Insurance against disasters

About insurance 

In the U.S., individuals and households are typically responsible for a significant portion of their own disaster recovery. They may use income, savings, loans, philanthropy, insurance, or some combination. Read more about the Stafford Act and the Federal role in disasters to understand FEMA’s role in disaster recovery funding.  

Insurance plays a critical role in recovery financing. For example, after Hurricane Harvey insurance made up 61% of total identified financial assistance, including Federal and private sources of funding. Insurance usually responds with greater certainty and speed than other forms of assistance and offers larger financial payouts.  

Insurance policies covering homes and personal property vary depending on whether or you are a renter or a homeowner. They also change depending on where you live and what risks your property may face. It’s important to learn what each policy will and will not cover. Most homeowner and business policies do not cover floods or earthquakes, which require separate coverage. The National Flood Insurance Program (NFIP) is managed by the Federal Emergency Management Agency (FEMA) and is delivered to the public by a network of approximately 60 insurance companies. The California Earthquake Authority is one of the largest providers of earthquake insurance. 

Policies do typically cover wildfires, but increasingly insurers are refusing to offer coverage to places that are considered “high risk,” especially given that the State of California regulates insurance prices. Proposition 103 from 1988 is set up to protect consumers from price shocks in insurance markets, requiring insurers to charge rates pre-approved by the Department of Insurance for most policies on the admitted market. State law also prohibits insurers from incorporating future climate projections into premium calculation, allowing only the use of historical data. Given the dramatic increase in highly destructive wildfires and other disasters, the insurance industry is worried about maintaining their business model while having to pay out recent and future losses. The California Department of Insurance has been issuing moratoriums on insurance policy non-renewals for residents living near a declared wildfire disaster. However, it’s unclear how long this will last and reflects a critical need to explore new ways of insuring against disasters. The California FAIR Plan is the “wildfire insurance of last resort” but it is expensive and out of reach for many low-income Californians.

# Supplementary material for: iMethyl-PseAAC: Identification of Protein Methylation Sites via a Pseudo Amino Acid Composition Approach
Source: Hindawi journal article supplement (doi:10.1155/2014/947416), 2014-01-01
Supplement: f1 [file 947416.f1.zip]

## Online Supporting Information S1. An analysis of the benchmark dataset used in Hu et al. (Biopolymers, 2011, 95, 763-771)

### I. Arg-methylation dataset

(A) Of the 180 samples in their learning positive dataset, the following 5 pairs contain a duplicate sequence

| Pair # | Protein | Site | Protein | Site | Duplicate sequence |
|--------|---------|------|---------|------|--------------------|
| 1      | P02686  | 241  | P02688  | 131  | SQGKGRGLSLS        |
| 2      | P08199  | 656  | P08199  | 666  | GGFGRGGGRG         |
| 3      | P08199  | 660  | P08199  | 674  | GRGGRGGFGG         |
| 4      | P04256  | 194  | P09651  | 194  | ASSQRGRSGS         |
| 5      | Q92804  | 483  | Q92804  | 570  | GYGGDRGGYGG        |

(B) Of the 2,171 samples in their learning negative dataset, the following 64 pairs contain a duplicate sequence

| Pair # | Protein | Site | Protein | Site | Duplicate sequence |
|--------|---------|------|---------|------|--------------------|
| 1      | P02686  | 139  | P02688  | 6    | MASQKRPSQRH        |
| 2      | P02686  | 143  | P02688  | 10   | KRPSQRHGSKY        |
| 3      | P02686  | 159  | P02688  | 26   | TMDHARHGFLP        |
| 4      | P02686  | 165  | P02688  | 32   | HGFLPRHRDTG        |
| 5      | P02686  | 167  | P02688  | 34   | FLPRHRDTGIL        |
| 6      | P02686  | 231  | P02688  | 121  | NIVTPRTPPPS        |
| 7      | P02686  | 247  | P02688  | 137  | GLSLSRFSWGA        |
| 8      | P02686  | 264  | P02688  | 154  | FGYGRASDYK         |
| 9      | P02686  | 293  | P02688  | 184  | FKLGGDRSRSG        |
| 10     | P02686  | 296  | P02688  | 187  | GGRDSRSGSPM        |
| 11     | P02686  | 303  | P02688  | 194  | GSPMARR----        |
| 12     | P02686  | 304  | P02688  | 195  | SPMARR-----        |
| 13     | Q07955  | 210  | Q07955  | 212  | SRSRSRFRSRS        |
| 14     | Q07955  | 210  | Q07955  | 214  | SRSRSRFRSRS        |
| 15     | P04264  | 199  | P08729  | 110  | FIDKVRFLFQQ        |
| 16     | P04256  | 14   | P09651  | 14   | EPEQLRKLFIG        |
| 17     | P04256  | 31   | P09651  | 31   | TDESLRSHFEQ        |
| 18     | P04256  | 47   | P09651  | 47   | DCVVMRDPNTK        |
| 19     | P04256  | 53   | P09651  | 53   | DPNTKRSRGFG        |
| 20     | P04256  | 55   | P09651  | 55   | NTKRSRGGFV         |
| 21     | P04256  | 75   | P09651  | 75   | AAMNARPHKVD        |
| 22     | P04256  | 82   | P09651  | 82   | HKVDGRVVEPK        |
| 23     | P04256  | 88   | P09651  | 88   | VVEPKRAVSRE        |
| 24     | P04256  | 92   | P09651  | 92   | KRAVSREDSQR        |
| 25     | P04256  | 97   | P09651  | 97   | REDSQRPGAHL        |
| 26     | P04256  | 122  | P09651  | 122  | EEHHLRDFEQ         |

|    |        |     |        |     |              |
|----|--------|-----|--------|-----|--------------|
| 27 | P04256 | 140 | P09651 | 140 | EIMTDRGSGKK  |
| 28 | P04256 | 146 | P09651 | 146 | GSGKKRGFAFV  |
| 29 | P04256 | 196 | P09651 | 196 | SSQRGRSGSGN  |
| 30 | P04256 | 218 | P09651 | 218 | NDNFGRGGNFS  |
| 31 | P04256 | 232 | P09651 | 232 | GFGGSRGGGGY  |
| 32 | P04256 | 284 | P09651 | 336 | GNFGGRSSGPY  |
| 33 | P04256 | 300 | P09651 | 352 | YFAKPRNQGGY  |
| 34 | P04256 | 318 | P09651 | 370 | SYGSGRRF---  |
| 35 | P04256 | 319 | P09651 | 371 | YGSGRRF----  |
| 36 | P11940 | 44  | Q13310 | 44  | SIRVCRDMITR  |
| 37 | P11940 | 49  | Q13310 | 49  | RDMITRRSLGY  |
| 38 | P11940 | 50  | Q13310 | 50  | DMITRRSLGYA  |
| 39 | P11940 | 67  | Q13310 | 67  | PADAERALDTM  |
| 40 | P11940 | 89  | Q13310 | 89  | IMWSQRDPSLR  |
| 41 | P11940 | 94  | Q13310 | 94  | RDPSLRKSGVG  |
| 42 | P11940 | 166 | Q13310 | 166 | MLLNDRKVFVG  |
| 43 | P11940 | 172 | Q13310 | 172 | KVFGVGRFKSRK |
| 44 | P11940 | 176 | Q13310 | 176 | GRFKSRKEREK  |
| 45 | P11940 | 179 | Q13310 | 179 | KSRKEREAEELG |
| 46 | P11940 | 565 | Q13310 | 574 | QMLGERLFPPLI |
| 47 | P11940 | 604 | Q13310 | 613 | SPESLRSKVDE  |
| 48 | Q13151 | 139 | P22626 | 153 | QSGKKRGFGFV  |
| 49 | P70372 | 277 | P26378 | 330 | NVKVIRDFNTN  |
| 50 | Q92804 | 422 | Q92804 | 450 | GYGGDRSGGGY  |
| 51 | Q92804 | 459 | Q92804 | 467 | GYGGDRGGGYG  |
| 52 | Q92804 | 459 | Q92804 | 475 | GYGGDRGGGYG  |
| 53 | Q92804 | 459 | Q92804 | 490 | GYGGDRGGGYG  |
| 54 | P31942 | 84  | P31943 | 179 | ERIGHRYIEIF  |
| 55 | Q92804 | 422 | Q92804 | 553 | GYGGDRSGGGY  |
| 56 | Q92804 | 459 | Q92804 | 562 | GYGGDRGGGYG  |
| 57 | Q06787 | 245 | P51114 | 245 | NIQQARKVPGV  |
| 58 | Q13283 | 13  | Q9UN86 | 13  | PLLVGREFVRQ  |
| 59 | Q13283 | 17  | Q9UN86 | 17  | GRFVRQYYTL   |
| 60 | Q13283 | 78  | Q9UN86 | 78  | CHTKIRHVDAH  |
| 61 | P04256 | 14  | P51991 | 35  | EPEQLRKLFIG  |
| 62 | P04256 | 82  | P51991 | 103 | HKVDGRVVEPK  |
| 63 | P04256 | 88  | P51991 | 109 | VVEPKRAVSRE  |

Impact on frontline communities  

While insurance is a powerful tool to recover and rebuild after a disaster, many people and small businesses are uninsured or underinsured across California. Neither homeowner nor renters' insurance is required by State law. However, many people do have homeowner’s insurance because it’s often required to get a mortgage. 

Insurance is an extra cost each month that many frontline communities cannot afford. Unfortunately, without insurance, households are more likely to have a harder time recovering if there is a disaster, perpetuating a cycle of financial stress.  

Actions to take 

For individuals and households 

For community-based organizations and affordable housing providers 

  • Use this Insurance Coverage Guide to understand the insurance you have and identify the insurance coverage you’ll need for your building and operations. 
  • Use this Insurance Coverage Worksheet to have easy access to key information about your building’s insurance coverage. 
  • Encourage your tenants to hold renter’s insurance.  Discuss with them how this might fit into their budget and the reasons why it is important. 

For local and State government 

  • Work with State and local agencies, hazard experts, planners, and community organizations to explore and consider new options that allow for the  balance in understanding future risk of climate change in our insurance premiums, protecting people from unaffordable premiums, and allowing for mitigation actions to reduce risk (and premiums).  
  • Explore new models of insurance such as Community-Based Catastrophe Insurance

For philanthropy  

  • Create funding programs to help households pay for insurance. 
  • Fill in the gaps left by deductibles, a suggestion from the Center for Disaster Philanthropy. 
  • Encourage your grantees to secure insurance, and your grantees to encourage their clients to secure insurance.